By 1957, however, Malaya had become independent, and, in 1963, it merged with some other British possessions in the area to become Malaysia. But the new state, a constitutional monarchy with a British-style parliamentary system, was not what Chin was fighting for. His rag-tag guerrillas retreated into the remote jungles along the Thai border, where they remained until the 1989 peace treaty. Chin, meanwhile, had escaped to China in 1961. Malaysia never became a people's republic.
Chin acknowledges the British success is herding villagers into strategic hamlets, thus depriving the guerrillas of bases that could provide them with supplies as well as intelligence. He goes on to describe how betrayal and inner party struggles led to a series of vicious purges, which eventually crippled the CPM. He also sheds light on two events that until now have been shrouded in mystery: what prompted the attack on the plantation in Sungei Siput, and what actually happened to Lai Te, the first secretary-general of the CPM whom Chin ousted from the party and succeeded in 1947.
Lai, an ethnic Vietnamese, had arrived in Malaya in 1937, claiming he was sent by the Communist International, Comintern, to organise the CPM. He said he had visited Moscow and met Zhou Enlai in Shanghai.
All that turned out to be false. Lai was, in fact, sent by French intelligence in Saigon to help the British crush the CPM. Following the British retreat from Malaya, he became a spy for the Japanese enabling them to locate and attack several of the CPM's secret meetings. As a result, almost the entire CPM leadership was wiped out.
After the war, Lai reverted to being a British spy. Eventually, when the party found out about his activities, he fled with the CPM's entire war chest, nearly two million Straits dollars. He disappeared without a trace, and some historians speculated that he had gone into hiding in Burma.
Chin, however, reveals that the party sentenced Lai to death for his treachery. Chin set out after him, arriving in Bangkok in July 1947. With the help of the Thai communist party, whose secret headquarters was then located in a wooden building on Si Phraya Road, Chin found Lai but he then slipped through the net.
Chin discovered through his contacts in Hong Kong that Lai had gone into hiding in the British colony. Chin flew there, but Lai escaped again. Later, Chin learned that his Thai comrades had apprehended Lai in Bangkok and killed him. Lai's body was unceremoniously dumped into the Chao Phraya River.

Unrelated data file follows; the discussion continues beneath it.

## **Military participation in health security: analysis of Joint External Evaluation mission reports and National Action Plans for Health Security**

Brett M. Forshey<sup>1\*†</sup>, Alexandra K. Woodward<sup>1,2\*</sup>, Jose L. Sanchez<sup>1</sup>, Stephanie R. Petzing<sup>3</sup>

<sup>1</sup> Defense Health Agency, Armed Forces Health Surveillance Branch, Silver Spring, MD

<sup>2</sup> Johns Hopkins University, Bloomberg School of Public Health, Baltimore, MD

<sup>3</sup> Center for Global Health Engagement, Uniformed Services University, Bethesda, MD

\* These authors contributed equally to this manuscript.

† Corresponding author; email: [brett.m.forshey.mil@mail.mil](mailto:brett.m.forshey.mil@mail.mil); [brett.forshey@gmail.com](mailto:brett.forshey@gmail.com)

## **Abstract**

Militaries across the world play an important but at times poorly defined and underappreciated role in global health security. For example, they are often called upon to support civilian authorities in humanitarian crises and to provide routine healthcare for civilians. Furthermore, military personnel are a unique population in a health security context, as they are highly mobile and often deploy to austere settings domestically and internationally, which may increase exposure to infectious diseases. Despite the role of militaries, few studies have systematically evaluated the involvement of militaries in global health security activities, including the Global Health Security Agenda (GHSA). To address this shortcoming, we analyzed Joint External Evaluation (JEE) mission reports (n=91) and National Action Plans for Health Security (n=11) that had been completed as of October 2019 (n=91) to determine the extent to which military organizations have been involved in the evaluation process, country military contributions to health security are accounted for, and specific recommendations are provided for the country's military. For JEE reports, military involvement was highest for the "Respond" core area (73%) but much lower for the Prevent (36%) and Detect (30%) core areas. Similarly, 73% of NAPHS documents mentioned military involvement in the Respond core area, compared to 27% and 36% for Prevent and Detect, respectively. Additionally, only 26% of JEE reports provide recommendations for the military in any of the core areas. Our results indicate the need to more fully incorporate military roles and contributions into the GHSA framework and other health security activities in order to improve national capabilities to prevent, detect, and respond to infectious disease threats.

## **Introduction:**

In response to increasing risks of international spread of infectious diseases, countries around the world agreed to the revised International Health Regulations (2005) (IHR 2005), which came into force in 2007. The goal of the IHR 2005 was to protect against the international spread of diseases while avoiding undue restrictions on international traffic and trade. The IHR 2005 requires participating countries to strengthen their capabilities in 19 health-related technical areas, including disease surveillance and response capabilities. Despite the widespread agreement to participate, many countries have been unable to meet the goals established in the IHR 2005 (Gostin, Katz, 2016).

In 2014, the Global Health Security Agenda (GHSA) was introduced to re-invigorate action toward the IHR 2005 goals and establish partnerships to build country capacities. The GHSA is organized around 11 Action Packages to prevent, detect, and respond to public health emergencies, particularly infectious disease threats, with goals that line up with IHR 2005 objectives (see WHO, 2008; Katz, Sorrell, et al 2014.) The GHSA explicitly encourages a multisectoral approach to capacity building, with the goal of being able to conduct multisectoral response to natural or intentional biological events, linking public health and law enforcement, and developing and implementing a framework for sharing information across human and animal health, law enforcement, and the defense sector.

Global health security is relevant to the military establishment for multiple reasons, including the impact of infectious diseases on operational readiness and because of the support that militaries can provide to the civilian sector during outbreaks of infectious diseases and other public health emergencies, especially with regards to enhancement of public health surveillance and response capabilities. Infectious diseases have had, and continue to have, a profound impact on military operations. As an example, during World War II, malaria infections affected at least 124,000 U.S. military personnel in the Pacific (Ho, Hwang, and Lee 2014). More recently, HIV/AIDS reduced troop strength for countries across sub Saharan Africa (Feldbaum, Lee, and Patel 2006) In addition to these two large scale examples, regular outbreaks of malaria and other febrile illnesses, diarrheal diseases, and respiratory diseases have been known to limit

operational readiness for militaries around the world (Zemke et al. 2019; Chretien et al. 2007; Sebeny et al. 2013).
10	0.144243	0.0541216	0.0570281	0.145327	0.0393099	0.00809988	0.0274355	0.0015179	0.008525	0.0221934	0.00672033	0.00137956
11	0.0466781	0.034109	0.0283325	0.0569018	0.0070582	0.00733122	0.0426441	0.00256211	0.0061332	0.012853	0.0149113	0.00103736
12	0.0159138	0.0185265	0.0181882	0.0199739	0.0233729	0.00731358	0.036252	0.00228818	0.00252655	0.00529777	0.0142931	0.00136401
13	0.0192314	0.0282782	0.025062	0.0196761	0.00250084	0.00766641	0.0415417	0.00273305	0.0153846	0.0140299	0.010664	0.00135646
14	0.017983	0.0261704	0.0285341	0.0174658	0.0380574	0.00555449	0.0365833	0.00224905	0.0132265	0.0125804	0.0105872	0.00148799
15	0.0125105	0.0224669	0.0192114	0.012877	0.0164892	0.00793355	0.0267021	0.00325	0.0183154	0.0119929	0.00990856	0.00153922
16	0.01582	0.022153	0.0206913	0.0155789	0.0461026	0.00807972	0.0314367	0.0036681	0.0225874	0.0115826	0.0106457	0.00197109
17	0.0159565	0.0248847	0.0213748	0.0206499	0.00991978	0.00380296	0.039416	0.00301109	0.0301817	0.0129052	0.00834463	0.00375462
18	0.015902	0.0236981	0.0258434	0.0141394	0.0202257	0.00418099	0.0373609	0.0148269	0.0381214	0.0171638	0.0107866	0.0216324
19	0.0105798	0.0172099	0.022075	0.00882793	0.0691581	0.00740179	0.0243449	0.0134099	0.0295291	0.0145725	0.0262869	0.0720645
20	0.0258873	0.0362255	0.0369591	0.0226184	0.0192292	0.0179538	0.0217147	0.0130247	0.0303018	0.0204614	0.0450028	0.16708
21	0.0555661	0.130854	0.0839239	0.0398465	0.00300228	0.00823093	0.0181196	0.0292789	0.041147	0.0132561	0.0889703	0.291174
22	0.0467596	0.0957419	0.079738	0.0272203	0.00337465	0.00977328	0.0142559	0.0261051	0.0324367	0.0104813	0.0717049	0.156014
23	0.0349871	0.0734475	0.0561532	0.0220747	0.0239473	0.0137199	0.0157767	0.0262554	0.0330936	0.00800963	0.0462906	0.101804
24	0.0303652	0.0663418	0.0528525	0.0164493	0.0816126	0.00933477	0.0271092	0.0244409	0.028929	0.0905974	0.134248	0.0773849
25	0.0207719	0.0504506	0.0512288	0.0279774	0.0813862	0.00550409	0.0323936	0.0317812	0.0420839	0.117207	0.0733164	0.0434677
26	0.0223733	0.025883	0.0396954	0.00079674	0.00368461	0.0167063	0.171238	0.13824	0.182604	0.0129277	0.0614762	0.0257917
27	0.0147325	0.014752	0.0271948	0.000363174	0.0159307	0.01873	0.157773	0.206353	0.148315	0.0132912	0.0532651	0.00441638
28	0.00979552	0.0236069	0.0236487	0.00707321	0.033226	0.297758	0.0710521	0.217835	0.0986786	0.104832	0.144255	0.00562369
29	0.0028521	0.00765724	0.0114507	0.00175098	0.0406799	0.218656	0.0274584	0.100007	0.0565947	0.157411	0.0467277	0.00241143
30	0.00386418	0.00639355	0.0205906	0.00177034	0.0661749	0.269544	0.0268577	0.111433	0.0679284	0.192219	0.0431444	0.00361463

The money Lai stole was never recovered, so Chin set out to collect some debts from a mine in the Malaysian state of Perak to finance the CPM's plans to establish a "liberated zone" in the jungle. By coincidence, Chin says, some of his guerrillas then killed the planters in Sungei Siput. It has always been assumed that the CPM launched the surprise attack in order to get the upper hand. Chin, however, says that it came as much of a surprise to him as to the British.
The attack was premature, and put the CPM on the wrong track from the very beginning. At the time, the authorities had managed to locate Chin at the mine in Perak, and he was in hiding in the maids' quarter there: "If I, as leader of the CPM, had sanctioned the Party's declaration of war against Britain on June 16, 1948, what was I doing, 24 hours later, stuck in an old woman's hut? A raid from which I had barely escaped had resulted in my passport being seized. I was alone, devoid of a security escort and in an area on which a state of emergency had been clamped."
According to Chin, a group of younger party members had been carried away by a statement from Lawrence Sharkey, the leader of the Australian Communist Party. On his way back from an international leftist meeting in Calcutta, Sharkey had stopped over in Singapore to meet Chin and other CPM leaders. Chin had asked Sharkey whether they should use violence against strike-breakers whom the British had brought in to undermine a CPM-led campaign in Malaya's plantations. Sharkey replied that, in Australia, they eliminated such people in "remote areas".
The CPM's guerrilla war was meant to be launched from the jungles of Perak and with the Chinese Yanan model in mind: a large, well-defended base area from where raids would be launched. That did not happen as some young firebrands, inspired by Sharkey, went ahead and murdered the three planters.
My Side of History contains other clarifications of events which, Chin says, have been wrongly interpreted by Western historians. Perhaps even more importantly in today's context, his book shows the blurred nature of the distinction between "freedom fighter" and "terrorist".
According to Chin, "When we worked with the British during the Japanese occupation and killed people essentially in Britain's interests we were neither bandits nor terrorists. Indeed, we were applauded, praised and given awards. Thus, you only become a terrorist when you killed against their interests."
Chin is not bitter about the failure of his struggle, and it almost seems to amuse him that he was once considered the most dangerous man in the British Empire. And, at last, he has spoken out and given his side of the story in a highly readable account of a troubled time in the history of modern Southeast Asia.
This review first appeared in the Bangkok Post, July 10, 2004